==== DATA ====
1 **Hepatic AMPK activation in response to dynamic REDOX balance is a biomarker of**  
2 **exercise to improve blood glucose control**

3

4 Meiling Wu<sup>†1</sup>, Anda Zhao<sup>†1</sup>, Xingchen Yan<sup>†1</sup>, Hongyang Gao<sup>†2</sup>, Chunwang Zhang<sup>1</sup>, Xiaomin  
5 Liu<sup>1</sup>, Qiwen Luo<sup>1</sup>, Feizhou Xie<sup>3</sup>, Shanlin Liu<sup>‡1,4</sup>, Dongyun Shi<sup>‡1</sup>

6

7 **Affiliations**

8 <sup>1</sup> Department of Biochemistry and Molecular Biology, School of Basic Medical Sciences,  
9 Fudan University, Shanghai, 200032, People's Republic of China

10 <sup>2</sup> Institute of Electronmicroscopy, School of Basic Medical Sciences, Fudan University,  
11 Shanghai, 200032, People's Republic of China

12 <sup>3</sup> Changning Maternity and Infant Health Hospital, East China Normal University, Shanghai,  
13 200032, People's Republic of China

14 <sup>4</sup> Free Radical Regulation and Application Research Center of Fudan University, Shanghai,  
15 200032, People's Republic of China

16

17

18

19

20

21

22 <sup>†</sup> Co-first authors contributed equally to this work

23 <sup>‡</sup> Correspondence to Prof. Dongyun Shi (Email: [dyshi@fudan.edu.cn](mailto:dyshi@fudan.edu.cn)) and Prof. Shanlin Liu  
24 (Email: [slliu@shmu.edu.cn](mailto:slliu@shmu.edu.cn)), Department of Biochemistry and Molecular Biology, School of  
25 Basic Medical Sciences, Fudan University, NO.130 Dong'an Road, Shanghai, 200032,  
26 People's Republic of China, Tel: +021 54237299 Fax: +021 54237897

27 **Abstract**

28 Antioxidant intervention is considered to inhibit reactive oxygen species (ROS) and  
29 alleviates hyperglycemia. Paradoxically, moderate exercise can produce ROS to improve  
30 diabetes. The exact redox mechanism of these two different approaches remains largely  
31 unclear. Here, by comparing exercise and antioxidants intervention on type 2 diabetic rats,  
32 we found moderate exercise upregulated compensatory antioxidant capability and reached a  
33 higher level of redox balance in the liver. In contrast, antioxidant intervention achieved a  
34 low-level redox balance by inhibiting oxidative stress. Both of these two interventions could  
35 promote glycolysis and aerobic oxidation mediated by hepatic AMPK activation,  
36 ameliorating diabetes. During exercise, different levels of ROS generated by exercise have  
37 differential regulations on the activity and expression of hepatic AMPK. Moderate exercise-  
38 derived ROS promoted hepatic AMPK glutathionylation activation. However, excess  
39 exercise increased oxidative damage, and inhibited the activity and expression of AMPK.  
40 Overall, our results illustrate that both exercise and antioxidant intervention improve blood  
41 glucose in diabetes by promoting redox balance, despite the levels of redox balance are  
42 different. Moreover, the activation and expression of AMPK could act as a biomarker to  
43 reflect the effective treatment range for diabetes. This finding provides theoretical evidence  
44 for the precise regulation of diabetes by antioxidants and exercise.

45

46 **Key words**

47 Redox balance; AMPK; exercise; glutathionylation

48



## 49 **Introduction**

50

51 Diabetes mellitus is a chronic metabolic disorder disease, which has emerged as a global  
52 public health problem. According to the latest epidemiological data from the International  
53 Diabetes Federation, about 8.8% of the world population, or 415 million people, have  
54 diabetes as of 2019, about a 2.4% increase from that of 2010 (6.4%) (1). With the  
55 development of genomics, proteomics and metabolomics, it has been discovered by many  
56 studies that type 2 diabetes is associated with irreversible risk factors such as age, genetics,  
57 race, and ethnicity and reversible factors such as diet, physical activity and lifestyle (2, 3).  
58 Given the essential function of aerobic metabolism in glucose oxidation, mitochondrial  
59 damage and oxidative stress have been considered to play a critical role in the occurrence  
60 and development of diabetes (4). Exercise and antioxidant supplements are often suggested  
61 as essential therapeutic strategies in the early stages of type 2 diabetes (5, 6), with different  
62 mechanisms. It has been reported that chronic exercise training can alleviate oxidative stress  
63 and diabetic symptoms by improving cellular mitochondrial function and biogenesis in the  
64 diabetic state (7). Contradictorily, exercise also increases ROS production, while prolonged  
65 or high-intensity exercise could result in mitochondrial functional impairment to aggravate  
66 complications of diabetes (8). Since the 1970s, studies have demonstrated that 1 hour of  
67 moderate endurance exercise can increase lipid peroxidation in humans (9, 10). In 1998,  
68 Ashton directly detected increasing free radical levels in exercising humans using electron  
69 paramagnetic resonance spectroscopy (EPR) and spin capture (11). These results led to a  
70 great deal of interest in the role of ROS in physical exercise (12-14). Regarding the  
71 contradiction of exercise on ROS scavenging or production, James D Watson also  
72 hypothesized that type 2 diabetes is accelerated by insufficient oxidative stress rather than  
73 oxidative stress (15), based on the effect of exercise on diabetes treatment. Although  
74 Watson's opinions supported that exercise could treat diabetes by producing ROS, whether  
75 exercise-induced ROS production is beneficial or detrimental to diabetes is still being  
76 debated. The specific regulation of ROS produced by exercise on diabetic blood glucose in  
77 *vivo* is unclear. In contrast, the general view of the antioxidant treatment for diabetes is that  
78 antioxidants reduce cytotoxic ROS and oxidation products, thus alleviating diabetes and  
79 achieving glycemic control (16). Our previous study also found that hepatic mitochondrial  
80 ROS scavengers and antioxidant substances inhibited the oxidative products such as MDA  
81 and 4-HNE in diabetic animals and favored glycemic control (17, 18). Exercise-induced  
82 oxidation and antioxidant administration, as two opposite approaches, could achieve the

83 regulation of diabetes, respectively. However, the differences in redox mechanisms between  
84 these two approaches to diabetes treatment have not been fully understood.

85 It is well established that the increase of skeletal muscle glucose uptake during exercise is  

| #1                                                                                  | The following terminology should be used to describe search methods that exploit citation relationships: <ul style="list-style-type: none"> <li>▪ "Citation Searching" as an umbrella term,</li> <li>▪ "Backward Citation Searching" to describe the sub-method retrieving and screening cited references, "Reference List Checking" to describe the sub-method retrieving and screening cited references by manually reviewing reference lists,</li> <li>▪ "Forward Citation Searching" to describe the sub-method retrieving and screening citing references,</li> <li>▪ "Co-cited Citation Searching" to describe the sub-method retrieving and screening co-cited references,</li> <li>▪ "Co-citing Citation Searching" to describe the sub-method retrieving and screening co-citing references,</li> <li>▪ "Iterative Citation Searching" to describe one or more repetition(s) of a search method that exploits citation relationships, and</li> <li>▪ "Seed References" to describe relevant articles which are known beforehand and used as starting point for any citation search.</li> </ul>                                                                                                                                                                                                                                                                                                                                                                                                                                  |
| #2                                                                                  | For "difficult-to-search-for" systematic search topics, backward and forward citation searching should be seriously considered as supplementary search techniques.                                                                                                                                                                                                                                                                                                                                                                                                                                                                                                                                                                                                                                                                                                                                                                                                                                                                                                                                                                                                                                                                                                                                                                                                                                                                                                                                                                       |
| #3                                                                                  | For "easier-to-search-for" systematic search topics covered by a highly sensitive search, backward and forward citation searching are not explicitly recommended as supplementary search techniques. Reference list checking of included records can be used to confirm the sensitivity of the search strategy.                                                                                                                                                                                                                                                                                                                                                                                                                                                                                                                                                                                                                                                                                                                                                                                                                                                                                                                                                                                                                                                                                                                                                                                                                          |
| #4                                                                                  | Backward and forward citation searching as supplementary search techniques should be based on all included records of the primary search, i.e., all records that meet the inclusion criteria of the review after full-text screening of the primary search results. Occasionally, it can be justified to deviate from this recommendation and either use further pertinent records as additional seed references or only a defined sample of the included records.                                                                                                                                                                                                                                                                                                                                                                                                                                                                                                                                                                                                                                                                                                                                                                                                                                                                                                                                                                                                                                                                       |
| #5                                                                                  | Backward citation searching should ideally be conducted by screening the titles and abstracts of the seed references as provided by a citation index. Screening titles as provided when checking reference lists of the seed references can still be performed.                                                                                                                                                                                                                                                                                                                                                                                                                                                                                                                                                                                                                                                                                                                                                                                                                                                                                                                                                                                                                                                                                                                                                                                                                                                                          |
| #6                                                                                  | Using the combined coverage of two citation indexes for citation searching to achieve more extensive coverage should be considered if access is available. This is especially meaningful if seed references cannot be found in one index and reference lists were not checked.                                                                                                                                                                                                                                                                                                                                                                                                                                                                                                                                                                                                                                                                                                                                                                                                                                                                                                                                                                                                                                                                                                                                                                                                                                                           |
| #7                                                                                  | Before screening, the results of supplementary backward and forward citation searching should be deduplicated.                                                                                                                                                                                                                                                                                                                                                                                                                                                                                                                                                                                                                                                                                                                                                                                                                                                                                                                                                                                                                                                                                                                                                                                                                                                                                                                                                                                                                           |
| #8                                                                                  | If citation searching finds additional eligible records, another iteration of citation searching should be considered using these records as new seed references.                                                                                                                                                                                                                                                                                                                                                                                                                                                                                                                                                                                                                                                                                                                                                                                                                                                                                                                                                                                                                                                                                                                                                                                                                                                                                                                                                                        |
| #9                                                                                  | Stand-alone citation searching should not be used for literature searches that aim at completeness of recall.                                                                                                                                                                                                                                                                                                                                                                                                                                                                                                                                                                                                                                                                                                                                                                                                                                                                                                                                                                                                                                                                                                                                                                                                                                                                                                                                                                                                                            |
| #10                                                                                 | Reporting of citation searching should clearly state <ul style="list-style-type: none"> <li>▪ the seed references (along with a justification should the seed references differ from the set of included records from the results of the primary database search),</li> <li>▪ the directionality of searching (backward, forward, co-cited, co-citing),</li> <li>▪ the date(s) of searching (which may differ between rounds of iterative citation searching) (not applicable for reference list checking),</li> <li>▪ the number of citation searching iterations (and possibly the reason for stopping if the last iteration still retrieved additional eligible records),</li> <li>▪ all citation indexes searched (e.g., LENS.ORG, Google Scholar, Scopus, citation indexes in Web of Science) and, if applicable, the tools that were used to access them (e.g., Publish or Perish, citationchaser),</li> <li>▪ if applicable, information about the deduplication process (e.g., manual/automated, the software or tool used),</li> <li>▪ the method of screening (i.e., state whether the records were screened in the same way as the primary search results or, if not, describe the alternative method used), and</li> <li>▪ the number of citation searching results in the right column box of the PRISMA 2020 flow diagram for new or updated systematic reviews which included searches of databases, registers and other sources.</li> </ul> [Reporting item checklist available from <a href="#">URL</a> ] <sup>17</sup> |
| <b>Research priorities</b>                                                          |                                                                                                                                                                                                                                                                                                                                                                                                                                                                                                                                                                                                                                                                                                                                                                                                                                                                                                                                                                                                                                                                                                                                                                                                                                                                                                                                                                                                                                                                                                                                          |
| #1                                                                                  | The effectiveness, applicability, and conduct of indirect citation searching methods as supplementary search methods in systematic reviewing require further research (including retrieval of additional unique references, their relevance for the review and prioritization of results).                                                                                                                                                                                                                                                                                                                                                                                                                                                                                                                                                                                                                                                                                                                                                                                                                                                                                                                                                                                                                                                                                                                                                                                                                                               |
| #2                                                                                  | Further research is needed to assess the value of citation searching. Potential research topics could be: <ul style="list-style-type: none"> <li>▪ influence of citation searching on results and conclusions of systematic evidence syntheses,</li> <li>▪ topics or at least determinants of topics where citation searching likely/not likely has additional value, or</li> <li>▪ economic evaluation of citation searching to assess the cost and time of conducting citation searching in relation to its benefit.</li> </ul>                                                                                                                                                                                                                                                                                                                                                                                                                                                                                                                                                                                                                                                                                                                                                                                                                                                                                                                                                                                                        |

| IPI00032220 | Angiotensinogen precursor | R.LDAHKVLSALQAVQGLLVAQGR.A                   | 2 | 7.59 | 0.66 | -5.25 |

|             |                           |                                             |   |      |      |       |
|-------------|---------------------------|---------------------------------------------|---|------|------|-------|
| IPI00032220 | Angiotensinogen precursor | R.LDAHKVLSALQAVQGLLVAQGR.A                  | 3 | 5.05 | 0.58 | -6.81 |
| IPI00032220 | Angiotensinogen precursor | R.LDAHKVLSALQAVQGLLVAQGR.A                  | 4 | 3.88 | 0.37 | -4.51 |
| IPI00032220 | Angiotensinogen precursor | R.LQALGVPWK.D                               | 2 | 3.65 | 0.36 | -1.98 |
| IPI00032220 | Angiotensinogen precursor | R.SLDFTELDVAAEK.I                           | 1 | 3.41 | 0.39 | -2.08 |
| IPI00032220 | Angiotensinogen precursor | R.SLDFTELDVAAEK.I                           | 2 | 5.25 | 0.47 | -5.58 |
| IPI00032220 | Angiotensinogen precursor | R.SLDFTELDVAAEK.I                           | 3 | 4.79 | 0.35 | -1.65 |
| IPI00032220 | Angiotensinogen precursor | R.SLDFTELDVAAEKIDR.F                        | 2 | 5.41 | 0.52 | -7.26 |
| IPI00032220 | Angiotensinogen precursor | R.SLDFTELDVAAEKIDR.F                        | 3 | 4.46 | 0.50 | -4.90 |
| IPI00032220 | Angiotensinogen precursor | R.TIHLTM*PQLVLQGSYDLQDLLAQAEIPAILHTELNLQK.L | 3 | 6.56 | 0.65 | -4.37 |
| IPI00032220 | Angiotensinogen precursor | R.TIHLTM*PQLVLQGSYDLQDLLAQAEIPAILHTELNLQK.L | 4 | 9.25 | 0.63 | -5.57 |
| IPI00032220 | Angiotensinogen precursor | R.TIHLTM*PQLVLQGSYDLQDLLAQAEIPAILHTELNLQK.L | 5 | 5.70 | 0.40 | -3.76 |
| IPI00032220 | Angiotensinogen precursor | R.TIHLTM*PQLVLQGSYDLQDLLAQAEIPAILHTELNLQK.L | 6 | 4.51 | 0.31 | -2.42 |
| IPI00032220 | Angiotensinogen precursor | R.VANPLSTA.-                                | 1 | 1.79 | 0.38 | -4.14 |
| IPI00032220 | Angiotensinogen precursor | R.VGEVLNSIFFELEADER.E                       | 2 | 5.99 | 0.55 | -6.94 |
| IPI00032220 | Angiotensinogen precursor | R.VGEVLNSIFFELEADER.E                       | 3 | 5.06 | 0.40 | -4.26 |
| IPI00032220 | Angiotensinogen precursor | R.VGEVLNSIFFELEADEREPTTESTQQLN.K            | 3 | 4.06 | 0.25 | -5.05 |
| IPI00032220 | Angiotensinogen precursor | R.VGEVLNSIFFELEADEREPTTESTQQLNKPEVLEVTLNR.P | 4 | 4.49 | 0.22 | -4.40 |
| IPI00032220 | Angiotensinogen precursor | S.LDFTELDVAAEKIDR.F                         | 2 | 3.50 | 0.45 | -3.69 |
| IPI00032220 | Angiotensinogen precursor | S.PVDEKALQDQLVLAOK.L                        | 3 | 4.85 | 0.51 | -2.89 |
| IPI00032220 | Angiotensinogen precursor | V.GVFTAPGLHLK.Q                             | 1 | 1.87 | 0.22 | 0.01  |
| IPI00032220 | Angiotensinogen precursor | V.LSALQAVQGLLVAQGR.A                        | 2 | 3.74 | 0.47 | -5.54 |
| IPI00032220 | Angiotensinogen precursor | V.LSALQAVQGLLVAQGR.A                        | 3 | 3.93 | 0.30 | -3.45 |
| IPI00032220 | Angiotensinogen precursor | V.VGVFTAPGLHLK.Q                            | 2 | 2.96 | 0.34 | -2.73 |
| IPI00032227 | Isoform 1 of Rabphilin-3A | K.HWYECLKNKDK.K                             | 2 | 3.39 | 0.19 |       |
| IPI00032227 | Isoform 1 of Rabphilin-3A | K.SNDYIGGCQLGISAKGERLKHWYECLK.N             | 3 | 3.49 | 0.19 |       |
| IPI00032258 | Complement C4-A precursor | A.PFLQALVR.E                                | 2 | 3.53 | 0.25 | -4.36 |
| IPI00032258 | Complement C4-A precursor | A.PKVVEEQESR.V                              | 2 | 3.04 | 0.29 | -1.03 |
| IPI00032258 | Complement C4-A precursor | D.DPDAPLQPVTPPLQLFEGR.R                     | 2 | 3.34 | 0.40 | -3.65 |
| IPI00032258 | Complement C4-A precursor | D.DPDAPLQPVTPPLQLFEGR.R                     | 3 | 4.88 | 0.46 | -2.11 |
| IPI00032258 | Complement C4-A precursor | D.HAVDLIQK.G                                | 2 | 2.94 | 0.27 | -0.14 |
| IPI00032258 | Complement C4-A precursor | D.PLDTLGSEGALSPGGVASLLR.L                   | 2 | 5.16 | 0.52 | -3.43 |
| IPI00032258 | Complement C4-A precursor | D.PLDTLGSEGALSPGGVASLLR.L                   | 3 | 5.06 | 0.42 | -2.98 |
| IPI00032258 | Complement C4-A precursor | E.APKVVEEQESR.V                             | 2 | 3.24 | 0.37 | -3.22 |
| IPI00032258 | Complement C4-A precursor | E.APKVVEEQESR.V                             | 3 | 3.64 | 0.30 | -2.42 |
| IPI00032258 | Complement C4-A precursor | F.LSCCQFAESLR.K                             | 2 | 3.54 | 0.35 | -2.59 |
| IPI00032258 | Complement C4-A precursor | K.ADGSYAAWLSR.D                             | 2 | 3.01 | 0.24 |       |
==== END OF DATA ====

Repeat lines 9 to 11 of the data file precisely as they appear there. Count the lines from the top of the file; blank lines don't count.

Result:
9 Fudan University, Shanghai, 200032, People's Republic of China

10 <sup>2</sup> Institute of Electronmicroscopy, School of Basic Medical Sciences, Fudan University,  
11 Shanghai, 200032, People's Republic of China